Lee Levitt, who passed away in 2010 at the age of 80, continues to be remembered as a PR practitioner who gave much to the profession; as someone who lived up to his characterization as an industry visionary.
Paging through Lee’s “Manual of PR Sales Strategy & Tactics,” the insights he offers are as relevant today as when he wrote them in 1992, and apply across all professional service disciplines, not just PR. Here are a few Levitt gems:
- “What most managements want to buy today is the accomplishment of specific substantive corporate / institutional goals… So that is what you must sell. You cannot simply come in and enumerate the skills you have, the technical things you can do. You must explain how applying them will solve some substantive problem or take advantage of some substantive opportunity.”
- “Telling people that you are going to counsel them can make you seem presumptuous and arrogant. No matter how diplomatically you put it, you seem to be saying that management is dumb and benighted, while you are smart and enlightened.”
- “What prospects really want to hear about is themselves. They want you to tell them about themselves in exactly the same words they use… And they want you to want their business and be enthusiastic about it.”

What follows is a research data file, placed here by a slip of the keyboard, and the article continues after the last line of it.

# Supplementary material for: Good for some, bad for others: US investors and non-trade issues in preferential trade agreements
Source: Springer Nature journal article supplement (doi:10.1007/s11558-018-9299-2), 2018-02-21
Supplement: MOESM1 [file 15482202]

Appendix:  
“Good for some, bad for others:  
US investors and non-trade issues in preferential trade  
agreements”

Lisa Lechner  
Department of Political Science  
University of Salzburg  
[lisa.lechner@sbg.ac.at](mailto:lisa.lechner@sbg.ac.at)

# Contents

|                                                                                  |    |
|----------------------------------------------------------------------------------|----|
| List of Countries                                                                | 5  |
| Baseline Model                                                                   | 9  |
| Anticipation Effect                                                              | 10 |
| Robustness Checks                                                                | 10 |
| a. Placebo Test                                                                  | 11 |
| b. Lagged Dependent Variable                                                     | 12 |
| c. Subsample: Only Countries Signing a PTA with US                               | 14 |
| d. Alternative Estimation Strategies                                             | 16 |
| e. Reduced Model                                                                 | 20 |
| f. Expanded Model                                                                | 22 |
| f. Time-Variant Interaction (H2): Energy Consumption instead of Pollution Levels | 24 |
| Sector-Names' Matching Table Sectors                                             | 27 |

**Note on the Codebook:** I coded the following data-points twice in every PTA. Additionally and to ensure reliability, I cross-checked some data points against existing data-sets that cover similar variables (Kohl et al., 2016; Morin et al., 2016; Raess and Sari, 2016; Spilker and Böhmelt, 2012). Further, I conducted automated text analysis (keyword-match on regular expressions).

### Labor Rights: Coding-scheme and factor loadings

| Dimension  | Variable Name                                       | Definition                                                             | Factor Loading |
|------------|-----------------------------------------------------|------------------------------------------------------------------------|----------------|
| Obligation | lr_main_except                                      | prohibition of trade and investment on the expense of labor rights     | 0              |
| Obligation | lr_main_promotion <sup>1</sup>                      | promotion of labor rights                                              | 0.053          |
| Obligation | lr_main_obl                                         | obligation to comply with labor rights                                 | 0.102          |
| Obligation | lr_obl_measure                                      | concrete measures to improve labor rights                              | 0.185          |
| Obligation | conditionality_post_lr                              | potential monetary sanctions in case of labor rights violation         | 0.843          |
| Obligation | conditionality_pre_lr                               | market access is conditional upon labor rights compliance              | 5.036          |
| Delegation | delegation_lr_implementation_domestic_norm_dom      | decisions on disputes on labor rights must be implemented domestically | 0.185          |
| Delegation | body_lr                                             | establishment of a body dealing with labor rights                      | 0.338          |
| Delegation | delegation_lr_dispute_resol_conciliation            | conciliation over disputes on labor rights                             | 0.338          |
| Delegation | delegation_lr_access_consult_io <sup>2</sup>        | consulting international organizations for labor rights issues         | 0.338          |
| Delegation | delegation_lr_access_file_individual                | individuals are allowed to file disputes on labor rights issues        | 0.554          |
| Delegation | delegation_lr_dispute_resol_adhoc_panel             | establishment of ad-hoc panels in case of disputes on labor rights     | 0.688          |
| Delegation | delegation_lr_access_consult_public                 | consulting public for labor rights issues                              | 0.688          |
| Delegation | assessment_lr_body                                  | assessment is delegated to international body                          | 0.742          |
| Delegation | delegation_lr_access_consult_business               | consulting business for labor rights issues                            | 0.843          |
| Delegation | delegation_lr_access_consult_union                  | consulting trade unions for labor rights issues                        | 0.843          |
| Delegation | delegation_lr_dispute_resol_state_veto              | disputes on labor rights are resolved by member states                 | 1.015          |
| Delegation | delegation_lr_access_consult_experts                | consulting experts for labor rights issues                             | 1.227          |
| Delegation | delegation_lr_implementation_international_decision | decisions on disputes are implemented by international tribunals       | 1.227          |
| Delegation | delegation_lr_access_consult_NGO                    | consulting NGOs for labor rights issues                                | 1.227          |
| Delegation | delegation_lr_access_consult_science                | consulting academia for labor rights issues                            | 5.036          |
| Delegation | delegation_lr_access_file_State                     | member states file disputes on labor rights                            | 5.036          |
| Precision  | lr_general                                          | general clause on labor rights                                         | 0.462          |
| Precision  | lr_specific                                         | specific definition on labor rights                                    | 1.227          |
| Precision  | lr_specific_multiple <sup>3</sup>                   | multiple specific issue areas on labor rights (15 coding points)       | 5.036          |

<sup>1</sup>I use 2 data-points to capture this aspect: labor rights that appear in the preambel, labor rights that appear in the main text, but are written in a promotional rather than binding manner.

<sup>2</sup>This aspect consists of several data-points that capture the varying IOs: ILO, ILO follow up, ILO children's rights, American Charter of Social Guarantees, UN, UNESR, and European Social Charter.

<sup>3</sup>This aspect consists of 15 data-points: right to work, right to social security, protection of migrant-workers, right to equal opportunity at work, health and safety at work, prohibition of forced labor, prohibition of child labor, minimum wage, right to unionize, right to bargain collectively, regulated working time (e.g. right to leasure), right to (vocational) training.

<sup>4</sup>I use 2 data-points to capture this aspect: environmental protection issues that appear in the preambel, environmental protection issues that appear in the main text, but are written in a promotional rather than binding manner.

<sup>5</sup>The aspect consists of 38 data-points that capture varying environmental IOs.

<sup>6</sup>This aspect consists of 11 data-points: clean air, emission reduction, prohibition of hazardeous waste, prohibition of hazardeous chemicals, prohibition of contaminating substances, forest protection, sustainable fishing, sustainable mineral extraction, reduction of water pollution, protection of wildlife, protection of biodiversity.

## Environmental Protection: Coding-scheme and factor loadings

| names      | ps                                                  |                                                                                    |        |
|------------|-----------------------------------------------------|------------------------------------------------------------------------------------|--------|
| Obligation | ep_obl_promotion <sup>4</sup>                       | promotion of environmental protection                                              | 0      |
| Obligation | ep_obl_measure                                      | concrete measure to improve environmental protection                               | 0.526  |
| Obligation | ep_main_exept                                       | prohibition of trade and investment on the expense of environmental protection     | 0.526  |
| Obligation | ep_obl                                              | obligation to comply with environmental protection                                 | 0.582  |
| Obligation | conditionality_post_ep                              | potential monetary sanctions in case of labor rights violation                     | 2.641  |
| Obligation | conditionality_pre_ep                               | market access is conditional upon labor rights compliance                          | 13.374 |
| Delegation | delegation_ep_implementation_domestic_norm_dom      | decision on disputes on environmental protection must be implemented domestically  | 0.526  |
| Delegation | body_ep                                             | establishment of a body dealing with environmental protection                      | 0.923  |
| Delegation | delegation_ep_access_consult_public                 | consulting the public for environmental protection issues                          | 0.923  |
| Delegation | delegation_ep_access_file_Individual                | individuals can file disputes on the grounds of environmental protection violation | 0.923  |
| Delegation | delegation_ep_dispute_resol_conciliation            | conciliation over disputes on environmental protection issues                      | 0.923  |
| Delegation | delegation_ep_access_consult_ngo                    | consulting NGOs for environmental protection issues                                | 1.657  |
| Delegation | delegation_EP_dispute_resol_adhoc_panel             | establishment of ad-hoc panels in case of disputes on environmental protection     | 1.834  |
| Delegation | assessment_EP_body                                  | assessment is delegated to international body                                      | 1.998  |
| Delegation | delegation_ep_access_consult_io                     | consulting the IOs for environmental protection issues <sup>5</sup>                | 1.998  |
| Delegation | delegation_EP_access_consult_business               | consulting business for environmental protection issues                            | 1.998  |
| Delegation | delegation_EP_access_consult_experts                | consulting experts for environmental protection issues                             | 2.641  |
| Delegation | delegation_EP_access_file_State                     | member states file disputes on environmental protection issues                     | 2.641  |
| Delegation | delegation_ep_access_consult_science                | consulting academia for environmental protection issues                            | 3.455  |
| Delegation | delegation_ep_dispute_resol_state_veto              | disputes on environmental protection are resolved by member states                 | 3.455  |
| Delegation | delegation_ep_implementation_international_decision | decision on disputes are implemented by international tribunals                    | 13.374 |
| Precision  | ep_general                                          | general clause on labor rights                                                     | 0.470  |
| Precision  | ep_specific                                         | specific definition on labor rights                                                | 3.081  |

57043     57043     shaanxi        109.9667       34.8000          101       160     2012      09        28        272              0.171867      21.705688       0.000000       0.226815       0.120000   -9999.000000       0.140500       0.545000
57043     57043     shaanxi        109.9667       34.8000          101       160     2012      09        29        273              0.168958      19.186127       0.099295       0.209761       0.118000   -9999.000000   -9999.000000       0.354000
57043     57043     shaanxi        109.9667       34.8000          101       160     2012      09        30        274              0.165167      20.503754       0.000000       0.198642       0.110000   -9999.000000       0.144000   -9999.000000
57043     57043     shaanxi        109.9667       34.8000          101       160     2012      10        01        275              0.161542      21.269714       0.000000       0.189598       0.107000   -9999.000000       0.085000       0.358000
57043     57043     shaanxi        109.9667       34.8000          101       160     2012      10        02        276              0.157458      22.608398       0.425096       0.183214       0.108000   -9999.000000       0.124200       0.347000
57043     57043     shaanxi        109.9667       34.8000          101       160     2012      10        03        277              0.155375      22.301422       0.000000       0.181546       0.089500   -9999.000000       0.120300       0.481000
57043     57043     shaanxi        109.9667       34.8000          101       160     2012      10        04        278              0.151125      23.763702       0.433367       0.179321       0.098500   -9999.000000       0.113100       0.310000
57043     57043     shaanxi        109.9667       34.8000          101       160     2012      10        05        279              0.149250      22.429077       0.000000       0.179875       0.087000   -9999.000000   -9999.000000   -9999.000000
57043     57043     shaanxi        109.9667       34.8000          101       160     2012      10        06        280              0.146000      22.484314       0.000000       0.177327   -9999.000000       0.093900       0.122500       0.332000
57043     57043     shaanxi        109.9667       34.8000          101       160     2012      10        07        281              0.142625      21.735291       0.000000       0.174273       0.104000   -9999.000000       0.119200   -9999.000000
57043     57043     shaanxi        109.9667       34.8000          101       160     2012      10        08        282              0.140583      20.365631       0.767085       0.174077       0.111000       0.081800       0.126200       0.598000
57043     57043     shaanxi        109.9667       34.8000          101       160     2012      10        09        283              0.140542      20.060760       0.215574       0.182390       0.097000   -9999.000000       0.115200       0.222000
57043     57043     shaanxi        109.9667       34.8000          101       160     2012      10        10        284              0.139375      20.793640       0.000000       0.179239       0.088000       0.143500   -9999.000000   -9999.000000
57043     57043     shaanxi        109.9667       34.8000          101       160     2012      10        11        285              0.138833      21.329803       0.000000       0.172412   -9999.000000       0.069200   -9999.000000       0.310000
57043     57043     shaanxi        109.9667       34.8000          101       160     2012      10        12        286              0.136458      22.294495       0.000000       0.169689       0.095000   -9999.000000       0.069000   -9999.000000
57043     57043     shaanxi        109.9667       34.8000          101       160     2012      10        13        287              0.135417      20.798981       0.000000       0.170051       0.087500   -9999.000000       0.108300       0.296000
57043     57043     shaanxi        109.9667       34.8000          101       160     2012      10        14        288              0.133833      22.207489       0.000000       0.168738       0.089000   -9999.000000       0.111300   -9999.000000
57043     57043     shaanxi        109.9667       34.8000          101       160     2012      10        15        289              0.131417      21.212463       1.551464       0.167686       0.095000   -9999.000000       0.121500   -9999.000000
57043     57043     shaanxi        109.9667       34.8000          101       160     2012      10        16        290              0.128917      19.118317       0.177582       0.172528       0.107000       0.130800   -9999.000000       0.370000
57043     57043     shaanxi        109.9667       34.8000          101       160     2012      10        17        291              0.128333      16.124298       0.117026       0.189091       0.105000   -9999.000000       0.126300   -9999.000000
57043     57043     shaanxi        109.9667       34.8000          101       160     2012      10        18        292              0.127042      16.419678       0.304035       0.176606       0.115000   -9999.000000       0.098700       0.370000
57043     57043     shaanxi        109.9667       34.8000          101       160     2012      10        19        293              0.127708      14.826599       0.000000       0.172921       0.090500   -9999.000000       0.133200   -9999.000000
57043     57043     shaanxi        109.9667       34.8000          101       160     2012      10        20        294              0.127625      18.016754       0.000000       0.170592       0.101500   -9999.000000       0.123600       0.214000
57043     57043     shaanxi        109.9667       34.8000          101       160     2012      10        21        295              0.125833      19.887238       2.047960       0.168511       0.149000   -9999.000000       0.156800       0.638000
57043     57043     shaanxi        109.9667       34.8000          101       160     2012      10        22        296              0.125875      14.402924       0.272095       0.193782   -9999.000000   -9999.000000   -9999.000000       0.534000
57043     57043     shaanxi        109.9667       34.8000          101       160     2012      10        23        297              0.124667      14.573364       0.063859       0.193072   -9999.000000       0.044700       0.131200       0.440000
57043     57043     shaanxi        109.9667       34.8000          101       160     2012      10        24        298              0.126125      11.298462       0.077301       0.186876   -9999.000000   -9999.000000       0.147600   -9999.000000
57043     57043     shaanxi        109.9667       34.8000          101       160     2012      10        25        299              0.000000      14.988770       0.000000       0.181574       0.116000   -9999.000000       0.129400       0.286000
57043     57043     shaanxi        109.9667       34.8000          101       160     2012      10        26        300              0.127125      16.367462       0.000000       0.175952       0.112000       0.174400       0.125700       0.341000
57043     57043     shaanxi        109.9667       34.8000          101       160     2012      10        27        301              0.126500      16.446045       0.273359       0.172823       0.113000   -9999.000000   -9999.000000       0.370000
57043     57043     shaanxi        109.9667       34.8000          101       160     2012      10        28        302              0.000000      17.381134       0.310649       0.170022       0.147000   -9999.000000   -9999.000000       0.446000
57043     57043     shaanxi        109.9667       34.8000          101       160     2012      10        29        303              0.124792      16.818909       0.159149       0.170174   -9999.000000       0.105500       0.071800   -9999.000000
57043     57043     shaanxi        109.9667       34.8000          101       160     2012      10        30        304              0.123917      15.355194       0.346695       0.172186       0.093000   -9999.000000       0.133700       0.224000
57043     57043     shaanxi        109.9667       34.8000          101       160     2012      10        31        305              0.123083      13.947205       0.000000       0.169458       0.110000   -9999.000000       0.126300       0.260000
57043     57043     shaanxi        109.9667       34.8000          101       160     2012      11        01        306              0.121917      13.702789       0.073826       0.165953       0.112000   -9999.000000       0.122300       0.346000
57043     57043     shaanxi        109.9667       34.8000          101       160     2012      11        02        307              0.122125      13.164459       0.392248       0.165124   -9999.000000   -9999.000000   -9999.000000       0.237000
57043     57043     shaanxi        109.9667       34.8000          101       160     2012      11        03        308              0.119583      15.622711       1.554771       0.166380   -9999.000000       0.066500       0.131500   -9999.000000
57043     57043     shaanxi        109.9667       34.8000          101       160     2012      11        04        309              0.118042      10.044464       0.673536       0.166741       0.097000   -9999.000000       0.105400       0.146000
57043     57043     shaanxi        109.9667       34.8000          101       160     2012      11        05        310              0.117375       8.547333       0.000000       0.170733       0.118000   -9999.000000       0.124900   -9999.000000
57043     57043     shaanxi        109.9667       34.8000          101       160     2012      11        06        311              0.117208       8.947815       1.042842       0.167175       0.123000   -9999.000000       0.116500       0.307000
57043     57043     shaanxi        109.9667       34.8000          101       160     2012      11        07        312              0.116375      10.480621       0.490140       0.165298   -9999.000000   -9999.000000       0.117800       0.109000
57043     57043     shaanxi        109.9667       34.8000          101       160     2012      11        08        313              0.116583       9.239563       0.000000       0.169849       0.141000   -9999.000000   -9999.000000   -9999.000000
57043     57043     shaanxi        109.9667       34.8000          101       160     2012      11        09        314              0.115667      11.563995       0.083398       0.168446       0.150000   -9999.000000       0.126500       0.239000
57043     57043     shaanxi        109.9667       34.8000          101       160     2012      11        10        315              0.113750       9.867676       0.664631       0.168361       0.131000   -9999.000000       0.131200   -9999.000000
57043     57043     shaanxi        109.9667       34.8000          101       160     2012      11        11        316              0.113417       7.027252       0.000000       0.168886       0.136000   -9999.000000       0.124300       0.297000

- “Never criticize what the prospect has done in the past. Let the prospect tell you what went wrong and whose fault it was… If asked if you could have done better, say you hope so.”
- “Most salespeople believe it is their job to talk, and up to a certain point that is true. But once the prospect is primed to talk, it is your job to shut up and listen. Some salespeople never learn this.”
If you can find a copy of Lee’s book, buy it and read it. If you have a copy on your bookshelf, pull it out and re-read it. But don’t ask to borrow my copy, because it’s not going anywhere.
Lee Levitt embodied craftsmanship in public relations, and left a lifetime of wisdom for those who follow in his footsteps.